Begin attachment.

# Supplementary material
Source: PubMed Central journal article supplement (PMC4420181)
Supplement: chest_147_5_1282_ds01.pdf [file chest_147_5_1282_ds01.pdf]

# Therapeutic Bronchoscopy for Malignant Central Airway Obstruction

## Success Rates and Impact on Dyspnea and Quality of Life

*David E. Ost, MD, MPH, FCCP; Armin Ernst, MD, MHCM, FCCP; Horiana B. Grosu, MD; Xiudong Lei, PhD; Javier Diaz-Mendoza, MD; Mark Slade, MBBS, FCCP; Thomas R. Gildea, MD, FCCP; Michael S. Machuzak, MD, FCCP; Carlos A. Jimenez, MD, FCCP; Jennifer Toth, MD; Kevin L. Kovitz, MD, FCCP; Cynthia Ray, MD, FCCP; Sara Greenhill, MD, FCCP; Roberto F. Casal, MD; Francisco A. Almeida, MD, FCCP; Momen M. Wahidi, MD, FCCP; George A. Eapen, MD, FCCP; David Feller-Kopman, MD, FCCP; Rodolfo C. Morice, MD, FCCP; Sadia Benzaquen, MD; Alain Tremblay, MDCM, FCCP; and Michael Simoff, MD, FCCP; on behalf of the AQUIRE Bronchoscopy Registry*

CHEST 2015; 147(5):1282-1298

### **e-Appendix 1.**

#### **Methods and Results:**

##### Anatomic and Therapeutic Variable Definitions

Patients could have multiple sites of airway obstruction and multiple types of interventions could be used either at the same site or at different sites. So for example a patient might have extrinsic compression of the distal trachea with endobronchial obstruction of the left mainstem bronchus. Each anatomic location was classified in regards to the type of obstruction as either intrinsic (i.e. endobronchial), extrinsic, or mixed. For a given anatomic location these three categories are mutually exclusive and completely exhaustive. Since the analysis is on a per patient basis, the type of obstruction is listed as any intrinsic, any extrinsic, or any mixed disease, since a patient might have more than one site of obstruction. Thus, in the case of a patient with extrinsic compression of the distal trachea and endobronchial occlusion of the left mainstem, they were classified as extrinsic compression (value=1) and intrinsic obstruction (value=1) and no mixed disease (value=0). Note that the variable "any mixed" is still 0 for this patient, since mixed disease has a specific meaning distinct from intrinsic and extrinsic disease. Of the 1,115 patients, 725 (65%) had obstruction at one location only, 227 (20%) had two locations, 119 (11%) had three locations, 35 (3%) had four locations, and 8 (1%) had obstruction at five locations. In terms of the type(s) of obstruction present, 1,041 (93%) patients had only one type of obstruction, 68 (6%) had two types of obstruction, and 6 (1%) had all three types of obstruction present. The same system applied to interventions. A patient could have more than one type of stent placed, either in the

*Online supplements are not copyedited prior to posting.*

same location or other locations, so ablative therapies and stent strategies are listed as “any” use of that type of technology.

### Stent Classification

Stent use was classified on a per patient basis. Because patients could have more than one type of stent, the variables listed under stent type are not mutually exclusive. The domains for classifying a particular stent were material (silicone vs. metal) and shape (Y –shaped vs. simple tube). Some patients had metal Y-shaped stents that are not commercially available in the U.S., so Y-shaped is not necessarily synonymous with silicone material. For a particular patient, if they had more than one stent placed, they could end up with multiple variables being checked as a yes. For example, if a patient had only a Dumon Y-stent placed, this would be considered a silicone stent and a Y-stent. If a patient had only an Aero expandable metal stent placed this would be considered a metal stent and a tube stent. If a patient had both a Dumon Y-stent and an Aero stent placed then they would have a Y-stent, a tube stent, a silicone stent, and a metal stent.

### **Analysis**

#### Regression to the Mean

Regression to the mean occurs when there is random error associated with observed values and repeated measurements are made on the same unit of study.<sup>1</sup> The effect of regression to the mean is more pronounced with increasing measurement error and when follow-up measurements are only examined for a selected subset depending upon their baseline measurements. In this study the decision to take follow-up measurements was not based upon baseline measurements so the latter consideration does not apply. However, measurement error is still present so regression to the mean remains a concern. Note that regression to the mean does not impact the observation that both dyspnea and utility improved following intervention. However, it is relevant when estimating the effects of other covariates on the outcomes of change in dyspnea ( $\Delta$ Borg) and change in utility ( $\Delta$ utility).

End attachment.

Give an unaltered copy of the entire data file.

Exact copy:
# Supplementary material
Source: PubMed Central journal article supplement (PMC4420181)
Supplement: chest_147_5_1282_ds01.pdf [file chest_147_5_1282_ds01.pdf]

# Therapeutic Bronchoscopy for Malignant Central Airway Obstruction

## Success Rates and Impact on Dyspnea and Quality of Life

*David E. Ost, MD, MPH, FCCP; Armin Ernst, MD, MHCM, FCCP; Horiana B. Grosu, MD; Xiudong Lei, PhD; Javier Diaz-Mendoza, MD; Mark Slade, MBBS, FCCP; Thomas R. Gildea, MD, FCCP; Michael S. Machuzak, MD, FCCP; Carlos A. Jimenez, MD, FCCP; Jennifer Toth, MD; Kevin L. Kovitz, MD, FCCP; Cynthia Ray, MD, FCCP; Sara Greenhill, MD, FCCP; Roberto F. Casal, MD; Francisco A. Almeida, MD, FCCP; Momen M. Wahidi, MD, FCCP; George A. Eapen, MD, FCCP; David Feller-Kopman, MD, FCCP; Rodolfo C. Morice, MD, FCCP; Sadia Benzaquen, MD; Alain Tremblay, MDCM, FCCP; and Michael Simoff, MD, FCCP; on behalf of the AQUIRE Bronchoscopy Registry*

CHEST 2015; 147(5):1282-1298

### **e-Appendix 1.**

#### **Methods and Results:**

##### Anatomic and Therapeutic Variable Definitions

Patients could have multiple sites of airway obstruction and multiple types of interventions could be used either at the same site or at different sites. So for example a patient might have extrinsic compression of the distal trachea with endobronchial obstruction of the left mainstem bronchus. Each anatomic location was classified in regards to the type of obstruction as either intrinsic (i.e. endobronchial), extrinsic, or mixed. For a given anatomic location these three categories are mutually exclusive and completely exhaustive. Since the analysis is on a per patient basis, the type of obstruction is listed as any intrinsic, any extrinsic, or any mixed disease, since a patient might have more than one site of obstruction. Thus, in the case of a patient with extrinsic compression of the distal trachea and endobronchial occlusion of the left mainstem, they were classified as extrinsic compression (value=1) and intrinsic obstruction (value=1) and no mixed disease (value=0). Note that the variable "any mixed" is still 0 for this patient, since mixed disease has a specific meaning distinct from intrinsic and extrinsic disease. Of the 1,115 patients, 725 (65%) had obstruction at one location only, 227 (20%) had two locations, 119 (11%) had three locations, 35 (3%) had four locations, and 8 (1%) had obstruction at five locations. In terms of the type(s) of obstruction present, 1,041 (93%) patients had only one type of obstruction, 68 (6%) had two types of obstruction, and 6 (1%) had all three types of obstruction present. The same system applied to interventions. A patient could have more than one type of stent placed, either in the

*Online supplements are not copyedited prior to posting.*

same location or other locations, so ablative therapies and stent strategies are listed as “any” use of that type of technology.

### Stent Classification

Stent use was classified on a per patient basis. Because patients could have more than one type of stent, the variables listed under stent type are not mutually exclusive. The domains for classifying a particular stent were material (silicone vs. metal) and shape (Y –shaped vs. simple tube). Some patients had metal Y-shaped stents that are not commercially available in the U.S., so Y-shaped is not necessarily synonymous with silicone material. For a particular patient, if they had more than one stent placed, they could end up with multiple variables being checked as a yes. For example, if a patient had only a Dumon Y-stent placed, this would be considered a silicone stent and a Y-stent. If a patient had only an Aero expandable metal stent placed this would be considered a metal stent and a tube stent. If a patient had both a Dumon Y-stent and an Aero stent placed then they would have a Y-stent, a tube stent, a silicone stent, and a metal stent.

### **Analysis**

#### Regression to the Mean

Regression to the mean occurs when there is random error associated with observed values and repeated measurements are made on the same unit of study.<sup>1</sup> The effect of regression to the mean is more pronounced with increasing measurement error and when follow-up measurements are only examined for a selected subset depending upon their baseline measurements. In this study the decision to take follow-up measurements was not based upon baseline measurements so the latter consideration does not apply. However, measurement error is still present so regression to the mean remains a concern. Note that regression to the mean does not impact the observation that both dyspnea and utility improved following intervention. However, it is relevant when estimating the effects of other covariates on the outcomes of change in dyspnea ( $\Delta$ Borg) and change in utility ( $\Delta$ utility).